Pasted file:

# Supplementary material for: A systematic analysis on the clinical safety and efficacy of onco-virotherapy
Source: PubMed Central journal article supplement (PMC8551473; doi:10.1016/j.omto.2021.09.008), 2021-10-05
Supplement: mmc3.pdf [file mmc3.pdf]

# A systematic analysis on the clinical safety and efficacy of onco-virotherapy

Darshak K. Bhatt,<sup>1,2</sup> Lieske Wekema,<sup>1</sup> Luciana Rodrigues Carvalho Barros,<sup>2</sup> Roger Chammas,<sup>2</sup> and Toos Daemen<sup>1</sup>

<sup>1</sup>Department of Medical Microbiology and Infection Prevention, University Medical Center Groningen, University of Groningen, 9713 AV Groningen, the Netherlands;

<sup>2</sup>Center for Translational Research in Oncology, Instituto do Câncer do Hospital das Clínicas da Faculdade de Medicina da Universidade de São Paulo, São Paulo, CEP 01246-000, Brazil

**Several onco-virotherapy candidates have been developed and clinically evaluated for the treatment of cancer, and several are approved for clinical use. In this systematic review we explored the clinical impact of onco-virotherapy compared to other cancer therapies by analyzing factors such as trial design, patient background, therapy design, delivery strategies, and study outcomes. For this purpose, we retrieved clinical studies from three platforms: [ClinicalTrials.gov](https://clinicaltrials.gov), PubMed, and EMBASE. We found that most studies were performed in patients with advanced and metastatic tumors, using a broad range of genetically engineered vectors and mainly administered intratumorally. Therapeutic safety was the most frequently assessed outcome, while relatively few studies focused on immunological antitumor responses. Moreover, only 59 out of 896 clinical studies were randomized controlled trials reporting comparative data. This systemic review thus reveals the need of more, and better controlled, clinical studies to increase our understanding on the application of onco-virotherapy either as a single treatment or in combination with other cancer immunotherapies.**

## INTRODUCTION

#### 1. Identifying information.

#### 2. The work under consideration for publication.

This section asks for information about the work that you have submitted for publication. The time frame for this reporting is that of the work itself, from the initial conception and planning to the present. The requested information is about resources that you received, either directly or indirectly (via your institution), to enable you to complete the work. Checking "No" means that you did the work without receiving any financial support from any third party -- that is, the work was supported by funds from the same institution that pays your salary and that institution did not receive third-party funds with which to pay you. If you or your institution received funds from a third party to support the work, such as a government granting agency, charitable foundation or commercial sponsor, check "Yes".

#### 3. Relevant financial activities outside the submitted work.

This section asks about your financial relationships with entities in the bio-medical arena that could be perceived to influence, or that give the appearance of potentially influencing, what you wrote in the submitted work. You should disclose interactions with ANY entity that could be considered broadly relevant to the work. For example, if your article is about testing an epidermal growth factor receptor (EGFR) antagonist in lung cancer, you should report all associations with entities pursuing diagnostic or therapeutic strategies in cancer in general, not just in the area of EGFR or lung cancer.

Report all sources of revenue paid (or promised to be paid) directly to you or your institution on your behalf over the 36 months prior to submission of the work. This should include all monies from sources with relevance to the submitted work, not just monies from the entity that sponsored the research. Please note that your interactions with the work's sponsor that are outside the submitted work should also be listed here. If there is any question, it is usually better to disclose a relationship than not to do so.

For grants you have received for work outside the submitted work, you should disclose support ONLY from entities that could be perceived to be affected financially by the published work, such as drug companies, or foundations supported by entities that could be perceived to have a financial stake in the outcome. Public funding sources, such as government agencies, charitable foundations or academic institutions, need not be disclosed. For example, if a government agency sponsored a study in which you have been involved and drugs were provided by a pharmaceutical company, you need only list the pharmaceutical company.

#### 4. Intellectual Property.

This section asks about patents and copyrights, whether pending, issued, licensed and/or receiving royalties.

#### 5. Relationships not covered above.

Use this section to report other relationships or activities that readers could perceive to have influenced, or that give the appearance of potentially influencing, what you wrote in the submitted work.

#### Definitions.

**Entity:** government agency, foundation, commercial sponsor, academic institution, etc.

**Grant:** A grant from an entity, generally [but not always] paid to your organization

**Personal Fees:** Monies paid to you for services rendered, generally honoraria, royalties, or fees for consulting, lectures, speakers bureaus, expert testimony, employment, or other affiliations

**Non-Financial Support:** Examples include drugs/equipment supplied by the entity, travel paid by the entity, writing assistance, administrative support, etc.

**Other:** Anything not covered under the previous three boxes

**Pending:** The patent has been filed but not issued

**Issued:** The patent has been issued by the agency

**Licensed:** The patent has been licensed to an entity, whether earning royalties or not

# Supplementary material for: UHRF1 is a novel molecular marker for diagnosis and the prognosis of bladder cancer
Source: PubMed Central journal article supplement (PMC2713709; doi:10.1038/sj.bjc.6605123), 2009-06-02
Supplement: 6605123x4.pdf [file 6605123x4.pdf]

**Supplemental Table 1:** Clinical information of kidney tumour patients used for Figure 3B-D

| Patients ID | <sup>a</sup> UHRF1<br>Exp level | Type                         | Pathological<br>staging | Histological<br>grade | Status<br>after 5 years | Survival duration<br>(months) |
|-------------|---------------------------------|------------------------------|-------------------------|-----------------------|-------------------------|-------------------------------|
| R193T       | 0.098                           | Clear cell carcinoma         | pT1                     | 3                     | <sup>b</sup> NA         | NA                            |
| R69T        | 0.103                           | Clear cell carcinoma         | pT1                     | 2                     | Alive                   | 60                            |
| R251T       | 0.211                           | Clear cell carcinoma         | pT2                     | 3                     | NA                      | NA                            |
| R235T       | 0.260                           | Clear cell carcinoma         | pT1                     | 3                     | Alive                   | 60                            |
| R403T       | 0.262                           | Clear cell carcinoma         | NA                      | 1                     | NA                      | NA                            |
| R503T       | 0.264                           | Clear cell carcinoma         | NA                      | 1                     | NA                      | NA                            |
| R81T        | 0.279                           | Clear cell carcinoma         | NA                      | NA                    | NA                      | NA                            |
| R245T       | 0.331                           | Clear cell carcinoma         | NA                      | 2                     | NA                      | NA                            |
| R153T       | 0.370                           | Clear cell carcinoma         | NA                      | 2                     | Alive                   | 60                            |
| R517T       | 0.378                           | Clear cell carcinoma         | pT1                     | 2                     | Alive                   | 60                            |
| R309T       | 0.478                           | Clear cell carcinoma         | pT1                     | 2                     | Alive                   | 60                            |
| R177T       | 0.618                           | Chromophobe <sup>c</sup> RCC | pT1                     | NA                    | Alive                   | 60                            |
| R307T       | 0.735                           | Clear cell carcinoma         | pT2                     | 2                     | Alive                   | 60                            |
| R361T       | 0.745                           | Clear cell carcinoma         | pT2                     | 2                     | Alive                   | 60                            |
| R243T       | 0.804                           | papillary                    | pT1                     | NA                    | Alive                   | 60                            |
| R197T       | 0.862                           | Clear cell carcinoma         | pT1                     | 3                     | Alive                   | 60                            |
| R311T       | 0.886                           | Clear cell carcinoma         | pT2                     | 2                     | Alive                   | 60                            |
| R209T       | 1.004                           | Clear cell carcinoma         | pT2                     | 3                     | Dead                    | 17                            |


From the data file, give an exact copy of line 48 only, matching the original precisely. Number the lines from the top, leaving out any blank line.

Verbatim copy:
| R307T       | 0.735                           | Clear cell carcinoma         | pT2                     | 2                     | Alive                   | 60                            |